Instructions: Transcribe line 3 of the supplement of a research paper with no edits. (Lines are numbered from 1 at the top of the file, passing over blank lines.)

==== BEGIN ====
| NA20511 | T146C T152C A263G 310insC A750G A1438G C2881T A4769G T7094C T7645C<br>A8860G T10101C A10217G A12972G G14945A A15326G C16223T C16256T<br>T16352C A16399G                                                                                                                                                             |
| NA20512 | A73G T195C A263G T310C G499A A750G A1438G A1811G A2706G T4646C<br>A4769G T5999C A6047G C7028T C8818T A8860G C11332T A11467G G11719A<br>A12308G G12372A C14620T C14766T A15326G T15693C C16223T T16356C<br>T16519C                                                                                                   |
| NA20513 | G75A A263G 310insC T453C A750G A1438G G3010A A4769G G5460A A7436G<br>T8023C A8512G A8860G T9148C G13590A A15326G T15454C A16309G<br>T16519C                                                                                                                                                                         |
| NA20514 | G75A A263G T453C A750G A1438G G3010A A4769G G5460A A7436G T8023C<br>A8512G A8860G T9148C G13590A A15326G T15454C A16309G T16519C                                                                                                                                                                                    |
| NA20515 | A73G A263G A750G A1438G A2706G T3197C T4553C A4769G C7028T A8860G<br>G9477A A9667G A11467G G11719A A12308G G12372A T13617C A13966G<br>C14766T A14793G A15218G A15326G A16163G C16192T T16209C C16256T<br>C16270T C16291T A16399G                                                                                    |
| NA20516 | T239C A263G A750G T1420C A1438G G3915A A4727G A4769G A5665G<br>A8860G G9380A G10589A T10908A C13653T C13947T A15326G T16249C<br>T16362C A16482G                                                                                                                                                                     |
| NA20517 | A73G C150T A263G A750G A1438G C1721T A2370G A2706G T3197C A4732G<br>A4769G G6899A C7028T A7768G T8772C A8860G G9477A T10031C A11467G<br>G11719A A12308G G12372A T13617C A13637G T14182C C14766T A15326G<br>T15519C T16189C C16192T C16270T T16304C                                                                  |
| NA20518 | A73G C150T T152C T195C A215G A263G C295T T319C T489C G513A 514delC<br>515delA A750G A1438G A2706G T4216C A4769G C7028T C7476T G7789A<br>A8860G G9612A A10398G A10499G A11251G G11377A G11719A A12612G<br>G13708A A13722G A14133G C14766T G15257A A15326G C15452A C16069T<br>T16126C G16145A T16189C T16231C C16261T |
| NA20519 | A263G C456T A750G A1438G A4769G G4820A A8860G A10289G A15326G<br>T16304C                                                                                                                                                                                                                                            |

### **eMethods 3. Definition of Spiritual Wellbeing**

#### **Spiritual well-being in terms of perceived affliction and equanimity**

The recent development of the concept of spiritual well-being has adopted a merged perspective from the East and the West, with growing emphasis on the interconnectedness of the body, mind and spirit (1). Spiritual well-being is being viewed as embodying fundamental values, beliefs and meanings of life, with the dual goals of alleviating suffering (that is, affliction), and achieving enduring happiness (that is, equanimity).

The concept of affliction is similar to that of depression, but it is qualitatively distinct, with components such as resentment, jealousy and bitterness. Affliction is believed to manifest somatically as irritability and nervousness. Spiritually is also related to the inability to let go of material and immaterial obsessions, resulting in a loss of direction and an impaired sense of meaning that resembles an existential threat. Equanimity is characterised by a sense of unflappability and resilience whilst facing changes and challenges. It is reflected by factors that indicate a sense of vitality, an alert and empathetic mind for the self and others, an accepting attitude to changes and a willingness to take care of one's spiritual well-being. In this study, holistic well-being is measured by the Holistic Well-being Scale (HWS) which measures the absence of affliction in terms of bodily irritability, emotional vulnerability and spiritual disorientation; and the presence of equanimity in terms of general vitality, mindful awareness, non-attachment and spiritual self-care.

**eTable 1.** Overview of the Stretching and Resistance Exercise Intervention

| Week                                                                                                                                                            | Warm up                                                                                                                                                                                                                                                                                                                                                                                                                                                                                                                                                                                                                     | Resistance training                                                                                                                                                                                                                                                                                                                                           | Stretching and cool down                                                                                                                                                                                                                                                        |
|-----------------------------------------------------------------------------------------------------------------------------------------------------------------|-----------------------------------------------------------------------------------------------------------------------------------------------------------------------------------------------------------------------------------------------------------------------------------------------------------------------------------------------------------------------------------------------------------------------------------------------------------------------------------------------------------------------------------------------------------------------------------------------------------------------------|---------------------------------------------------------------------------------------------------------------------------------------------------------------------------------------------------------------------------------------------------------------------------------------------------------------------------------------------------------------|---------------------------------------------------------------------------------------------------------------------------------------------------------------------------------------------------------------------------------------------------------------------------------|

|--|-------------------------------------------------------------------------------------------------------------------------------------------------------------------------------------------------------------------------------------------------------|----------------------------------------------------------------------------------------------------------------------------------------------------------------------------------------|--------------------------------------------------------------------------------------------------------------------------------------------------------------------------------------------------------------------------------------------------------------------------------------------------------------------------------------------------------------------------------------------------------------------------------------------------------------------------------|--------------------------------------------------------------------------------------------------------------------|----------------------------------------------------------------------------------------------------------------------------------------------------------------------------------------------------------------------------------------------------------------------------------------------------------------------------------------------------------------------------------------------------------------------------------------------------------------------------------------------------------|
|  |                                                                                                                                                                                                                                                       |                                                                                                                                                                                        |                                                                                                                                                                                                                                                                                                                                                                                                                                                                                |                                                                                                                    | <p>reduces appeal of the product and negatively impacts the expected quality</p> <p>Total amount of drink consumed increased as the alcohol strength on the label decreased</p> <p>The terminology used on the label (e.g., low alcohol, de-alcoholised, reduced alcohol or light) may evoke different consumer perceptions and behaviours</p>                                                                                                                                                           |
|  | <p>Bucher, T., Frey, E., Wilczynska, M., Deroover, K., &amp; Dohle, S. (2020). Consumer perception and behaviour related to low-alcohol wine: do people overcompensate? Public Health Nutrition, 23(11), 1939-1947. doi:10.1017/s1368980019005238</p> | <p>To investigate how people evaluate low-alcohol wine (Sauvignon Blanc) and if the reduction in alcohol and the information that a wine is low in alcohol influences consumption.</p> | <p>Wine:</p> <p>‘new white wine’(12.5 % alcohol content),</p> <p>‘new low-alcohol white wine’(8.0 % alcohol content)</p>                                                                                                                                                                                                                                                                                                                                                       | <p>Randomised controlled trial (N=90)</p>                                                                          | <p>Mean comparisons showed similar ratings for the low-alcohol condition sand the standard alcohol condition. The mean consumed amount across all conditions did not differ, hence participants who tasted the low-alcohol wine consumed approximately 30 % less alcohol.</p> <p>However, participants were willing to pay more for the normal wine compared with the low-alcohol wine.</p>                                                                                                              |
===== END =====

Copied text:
| NA20513 | G75A A263G 310insC T453C A750G A1438G G3010A A4769G G5460A A7436G<br>T8023C A8512G A8860G T9148C G13590A A15326G T15454C A16309G<br>T16519C                                                                                                                                                                         |